When the best investors speak, I listen. If you're like me, you know that at least as much can be learned from history's wealthiest entrepreneurs, too. So when the money studs of today and yesteryear are spouting the same knowledge, I take the branding iron from the fire and sear that knowledge straight into my brain. Consider this:
[Investors should demand] unvarying insistence upon the reasonableness of the price paid for each purchase. -- Benjamin Graham
Watch the costs and the profits will take care of themselves. -- Andrew Carnegie
As investors, we should be very picky about the price we pay for our stocks. But these days, while we're waiting patiently for better prices, we are earning close to nothing on the cash sitting in our brokerage accounts. To maintain the discipline of only paying a good price while at the same time boosting your returns from option income, consider writing put options to buy into a pricey stock.
Make patience pay you by writing puts
A put option represents the right to sell a stock at a certain price on or before a specific date. So writing puts means that you promise to buy a stock at an agreed-upon price (the strike price) in exchange for a bit of cash. Using written puts to establish ownership in solid businesses, while earning income on your dry powder, is a sensible way to invest using options.
Here's a quick example of how it works: Shares of Pop's Toaster Repair (Ticker: POPS) trade for $60, which equates to a P/E of 40. After having been burned by toast-related companies in the past, you're willing to pay only up to 30 times earnings, even for a company as well-run as Pop's. So to potentially purchase shares at $45, you decide to write a put option. Currently, put options that expire in six months and have the $45 strike you're looking for pay $2.50.
Because each put option represents 100 shares, your $2.50 payment of put option premium is actually $250 and the cash you need to set aside to purchase shares if exercised is $4,500. If POPS declines to $45 or below, you simply use the $4,500 you set aside to purchase 100 shares. If not, you get to keep the $250, and have effectively earned a dividend on your dry powder of 5.6% in just six months. Plus, you can consider writing another round of puts if you still want to try to buy shares at lower prices.
A quick glance highlights the two major risks of writing puts: (1) You may not get to buy the shares if the price doesn't fall, and (2) if shares plummet, the losses below the strike price – all the way to zero -- are yours. For this reason, it is vital that you are only writing puts on solid businesses and are willing to own their shares, even if the share price falls considerably.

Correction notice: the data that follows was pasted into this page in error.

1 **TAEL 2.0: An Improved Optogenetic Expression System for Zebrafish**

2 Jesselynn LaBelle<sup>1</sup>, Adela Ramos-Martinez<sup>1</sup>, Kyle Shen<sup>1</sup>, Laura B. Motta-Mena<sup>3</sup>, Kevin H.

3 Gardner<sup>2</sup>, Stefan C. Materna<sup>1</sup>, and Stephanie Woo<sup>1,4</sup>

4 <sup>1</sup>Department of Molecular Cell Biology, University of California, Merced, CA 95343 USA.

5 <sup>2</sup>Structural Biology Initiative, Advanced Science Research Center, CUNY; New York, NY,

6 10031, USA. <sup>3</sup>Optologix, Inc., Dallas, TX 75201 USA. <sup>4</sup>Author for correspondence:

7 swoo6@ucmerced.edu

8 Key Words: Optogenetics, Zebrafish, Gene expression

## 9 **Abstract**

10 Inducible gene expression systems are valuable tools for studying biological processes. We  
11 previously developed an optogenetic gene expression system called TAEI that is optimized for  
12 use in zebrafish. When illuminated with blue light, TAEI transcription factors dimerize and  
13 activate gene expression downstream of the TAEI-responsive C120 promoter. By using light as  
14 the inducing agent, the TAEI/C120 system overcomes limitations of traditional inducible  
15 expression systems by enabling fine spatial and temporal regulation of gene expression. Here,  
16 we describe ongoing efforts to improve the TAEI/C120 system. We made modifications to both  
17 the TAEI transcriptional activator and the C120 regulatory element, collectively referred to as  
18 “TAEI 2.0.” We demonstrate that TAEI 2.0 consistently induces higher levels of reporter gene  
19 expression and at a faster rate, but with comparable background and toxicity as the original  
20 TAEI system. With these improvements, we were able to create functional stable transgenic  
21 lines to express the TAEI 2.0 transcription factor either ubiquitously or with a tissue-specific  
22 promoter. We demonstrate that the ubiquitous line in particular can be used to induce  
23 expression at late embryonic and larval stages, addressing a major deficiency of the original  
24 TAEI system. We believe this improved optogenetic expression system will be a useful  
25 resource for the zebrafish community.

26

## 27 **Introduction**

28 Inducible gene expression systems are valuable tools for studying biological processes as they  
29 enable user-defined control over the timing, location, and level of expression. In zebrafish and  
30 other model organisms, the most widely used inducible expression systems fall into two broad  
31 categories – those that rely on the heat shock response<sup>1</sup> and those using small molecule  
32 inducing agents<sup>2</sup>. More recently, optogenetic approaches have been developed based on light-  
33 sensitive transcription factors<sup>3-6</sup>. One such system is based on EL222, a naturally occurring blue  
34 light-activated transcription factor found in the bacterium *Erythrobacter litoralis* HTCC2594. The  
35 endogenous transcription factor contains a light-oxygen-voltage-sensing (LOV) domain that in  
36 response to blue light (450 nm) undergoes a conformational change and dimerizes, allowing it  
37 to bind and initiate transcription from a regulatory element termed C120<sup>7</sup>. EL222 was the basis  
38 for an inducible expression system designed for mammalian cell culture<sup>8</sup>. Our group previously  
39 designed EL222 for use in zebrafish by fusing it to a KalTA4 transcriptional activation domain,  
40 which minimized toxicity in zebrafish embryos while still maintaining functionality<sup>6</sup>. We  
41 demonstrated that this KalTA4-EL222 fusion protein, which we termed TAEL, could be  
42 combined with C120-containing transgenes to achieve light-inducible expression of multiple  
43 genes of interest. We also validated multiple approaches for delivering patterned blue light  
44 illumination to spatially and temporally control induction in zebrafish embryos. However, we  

7 stocks for your dry powder
Seven in particular struck me as having the potential to be great long term investments if we can nab shares for just a bit cheaper.
5-Year Revenue Growth Rate
Data from Capital IQ, a division of Standard & Poor’s.
If touchscreens are the future of computing and entertainment, then Synaptics has its finger on an exciting future. The company continues to innovate and sells its tactile products into some briskly growing markets: mobile devices, netbooks, and tablets. This market is projected to grow an average of 19% annually until 2014. As a bargain shopper (especially for high-tech investments), I'd be happy to own shares if they went on sale by 15% or so.
Instead of passively waiting for shares to drop from $30 down to our preferred entry price of $27, we could write a $27 put option expiring in March 2011 for $1.30 and get paid for waiting. If shares drop and the put is exercised, we’ll own shares at a net price of $25.70 (via the $27 strike price and the $1.30 in premium); that's more than 14% below current prices. If Synaptics fails to fall, we keep $130 in premium, which represents a 4.8% payment on the funds set aside (in only 100 days). Given the great long-term prospects for Synaptics, we could then consider writing another round of puts with the same goals.
The Foolish bottom line
Finding solid businesses selling for reasonable prices remains the key to success in investing. But for value-minded investors, getting paid for being patient by earning income on your dry powder can make waiting much more profitable.
To learn more about the profitable options strategies we've been using in real-money portfolios for years, simply enter your email address in the box below to receive information on Motley Fool Options, plus our free options guidebook.
Bryan Hinmon doesn't own shares of any companies mentioned. Dolby is a Motley Fool Stock Advisor recommendation. Hansen Natural is a Motley Fool Inside Value recommendation. We Fools may not all hold the same opinions, but we all believe that considering a diverse range of insights makes us better investors. The Fool has a disclosure policy.